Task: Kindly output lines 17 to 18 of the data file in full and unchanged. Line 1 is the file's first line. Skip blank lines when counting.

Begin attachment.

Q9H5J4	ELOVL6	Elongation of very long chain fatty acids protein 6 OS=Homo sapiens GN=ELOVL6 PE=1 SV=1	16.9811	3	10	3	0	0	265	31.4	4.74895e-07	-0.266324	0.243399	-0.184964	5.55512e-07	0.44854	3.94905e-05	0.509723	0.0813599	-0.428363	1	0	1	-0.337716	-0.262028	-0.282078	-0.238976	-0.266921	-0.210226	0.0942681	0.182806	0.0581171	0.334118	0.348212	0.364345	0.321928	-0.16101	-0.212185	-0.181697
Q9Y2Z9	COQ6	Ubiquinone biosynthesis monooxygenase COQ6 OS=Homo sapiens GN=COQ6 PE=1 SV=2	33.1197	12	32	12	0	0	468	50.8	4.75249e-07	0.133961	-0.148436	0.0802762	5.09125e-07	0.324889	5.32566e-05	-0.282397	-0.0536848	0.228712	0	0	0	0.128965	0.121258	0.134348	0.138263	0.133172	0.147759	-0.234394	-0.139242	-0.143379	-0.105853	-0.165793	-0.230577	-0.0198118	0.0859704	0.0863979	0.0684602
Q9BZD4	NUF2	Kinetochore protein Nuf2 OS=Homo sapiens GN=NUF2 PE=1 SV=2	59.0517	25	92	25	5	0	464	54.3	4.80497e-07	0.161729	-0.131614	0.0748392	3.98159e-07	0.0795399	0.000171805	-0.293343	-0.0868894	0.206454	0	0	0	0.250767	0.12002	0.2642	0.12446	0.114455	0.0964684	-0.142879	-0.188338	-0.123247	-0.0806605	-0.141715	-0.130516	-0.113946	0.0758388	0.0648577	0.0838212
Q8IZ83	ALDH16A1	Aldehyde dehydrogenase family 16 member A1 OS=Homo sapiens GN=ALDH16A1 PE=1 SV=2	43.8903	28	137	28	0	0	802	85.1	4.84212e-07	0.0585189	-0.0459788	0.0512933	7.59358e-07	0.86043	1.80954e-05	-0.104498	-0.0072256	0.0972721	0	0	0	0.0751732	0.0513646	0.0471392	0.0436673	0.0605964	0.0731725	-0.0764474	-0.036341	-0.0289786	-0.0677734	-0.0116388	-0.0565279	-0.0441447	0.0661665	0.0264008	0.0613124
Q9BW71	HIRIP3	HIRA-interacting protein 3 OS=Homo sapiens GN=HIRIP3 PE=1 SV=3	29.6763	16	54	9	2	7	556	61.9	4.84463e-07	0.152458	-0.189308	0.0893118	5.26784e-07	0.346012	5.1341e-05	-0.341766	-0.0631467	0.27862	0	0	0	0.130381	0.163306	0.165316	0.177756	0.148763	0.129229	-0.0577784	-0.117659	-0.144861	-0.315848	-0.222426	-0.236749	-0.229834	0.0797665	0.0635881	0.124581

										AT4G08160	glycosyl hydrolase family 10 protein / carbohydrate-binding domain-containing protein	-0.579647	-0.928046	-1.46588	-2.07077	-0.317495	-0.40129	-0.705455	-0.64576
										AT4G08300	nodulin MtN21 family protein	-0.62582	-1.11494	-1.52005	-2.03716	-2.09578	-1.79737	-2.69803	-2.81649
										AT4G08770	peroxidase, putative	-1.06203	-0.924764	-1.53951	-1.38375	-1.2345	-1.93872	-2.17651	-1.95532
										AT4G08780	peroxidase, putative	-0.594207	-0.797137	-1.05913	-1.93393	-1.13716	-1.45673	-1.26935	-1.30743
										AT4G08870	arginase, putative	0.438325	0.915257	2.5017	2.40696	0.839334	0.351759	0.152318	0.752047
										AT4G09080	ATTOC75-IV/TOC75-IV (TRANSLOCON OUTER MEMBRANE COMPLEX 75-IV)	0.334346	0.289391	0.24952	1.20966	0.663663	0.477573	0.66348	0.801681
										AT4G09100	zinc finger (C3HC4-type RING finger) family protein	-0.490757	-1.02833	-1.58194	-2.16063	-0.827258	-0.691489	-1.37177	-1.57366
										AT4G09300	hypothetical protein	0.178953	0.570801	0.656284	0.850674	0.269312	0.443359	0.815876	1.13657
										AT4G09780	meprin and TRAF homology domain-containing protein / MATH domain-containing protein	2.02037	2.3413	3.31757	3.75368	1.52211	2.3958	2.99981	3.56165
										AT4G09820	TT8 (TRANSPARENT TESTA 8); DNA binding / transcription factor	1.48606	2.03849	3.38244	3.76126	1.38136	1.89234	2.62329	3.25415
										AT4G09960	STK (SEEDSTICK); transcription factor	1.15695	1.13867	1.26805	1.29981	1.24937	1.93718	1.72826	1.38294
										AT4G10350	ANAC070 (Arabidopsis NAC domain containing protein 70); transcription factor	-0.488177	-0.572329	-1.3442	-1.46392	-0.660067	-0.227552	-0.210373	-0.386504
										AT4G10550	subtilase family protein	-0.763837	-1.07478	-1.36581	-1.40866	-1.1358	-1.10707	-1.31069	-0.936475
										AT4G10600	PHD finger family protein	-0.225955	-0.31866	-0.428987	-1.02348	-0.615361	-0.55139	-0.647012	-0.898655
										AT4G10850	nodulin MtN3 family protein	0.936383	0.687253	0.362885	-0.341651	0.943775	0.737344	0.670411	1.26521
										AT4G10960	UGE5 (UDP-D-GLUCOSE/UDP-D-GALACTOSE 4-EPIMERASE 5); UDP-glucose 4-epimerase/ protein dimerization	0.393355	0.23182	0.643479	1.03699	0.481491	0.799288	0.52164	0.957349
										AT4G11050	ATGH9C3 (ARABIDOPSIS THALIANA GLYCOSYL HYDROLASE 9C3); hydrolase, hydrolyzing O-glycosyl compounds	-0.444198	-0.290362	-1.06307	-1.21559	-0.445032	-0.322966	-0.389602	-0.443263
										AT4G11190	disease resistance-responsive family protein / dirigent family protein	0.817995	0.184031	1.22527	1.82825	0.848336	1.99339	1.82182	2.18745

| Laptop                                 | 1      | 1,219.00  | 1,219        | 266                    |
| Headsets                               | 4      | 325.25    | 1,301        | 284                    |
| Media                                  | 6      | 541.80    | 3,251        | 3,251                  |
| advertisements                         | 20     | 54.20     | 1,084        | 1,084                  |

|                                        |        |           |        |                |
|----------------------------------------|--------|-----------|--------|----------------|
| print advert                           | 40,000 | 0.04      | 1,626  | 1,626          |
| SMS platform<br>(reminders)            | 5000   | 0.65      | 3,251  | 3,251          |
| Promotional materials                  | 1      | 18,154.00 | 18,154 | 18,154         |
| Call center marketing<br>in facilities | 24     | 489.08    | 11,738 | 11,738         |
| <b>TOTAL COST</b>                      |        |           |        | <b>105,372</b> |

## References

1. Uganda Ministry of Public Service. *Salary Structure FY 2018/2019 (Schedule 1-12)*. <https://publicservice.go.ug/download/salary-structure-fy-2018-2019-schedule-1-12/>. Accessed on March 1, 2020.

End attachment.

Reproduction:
										AT4G10350	ANAC070 (Arabidopsis NAC domain containing protein 70); transcription factor	-0.488177	-0.572329	-1.3442	-1.46392	-0.660067	-0.227552	-0.210373	-0.386504
										AT4G10550	subtilase family protein	-0.763837	-1.07478	-1.36581	-1.40866	-1.1358	-1.10707	-1.31069	-0.936475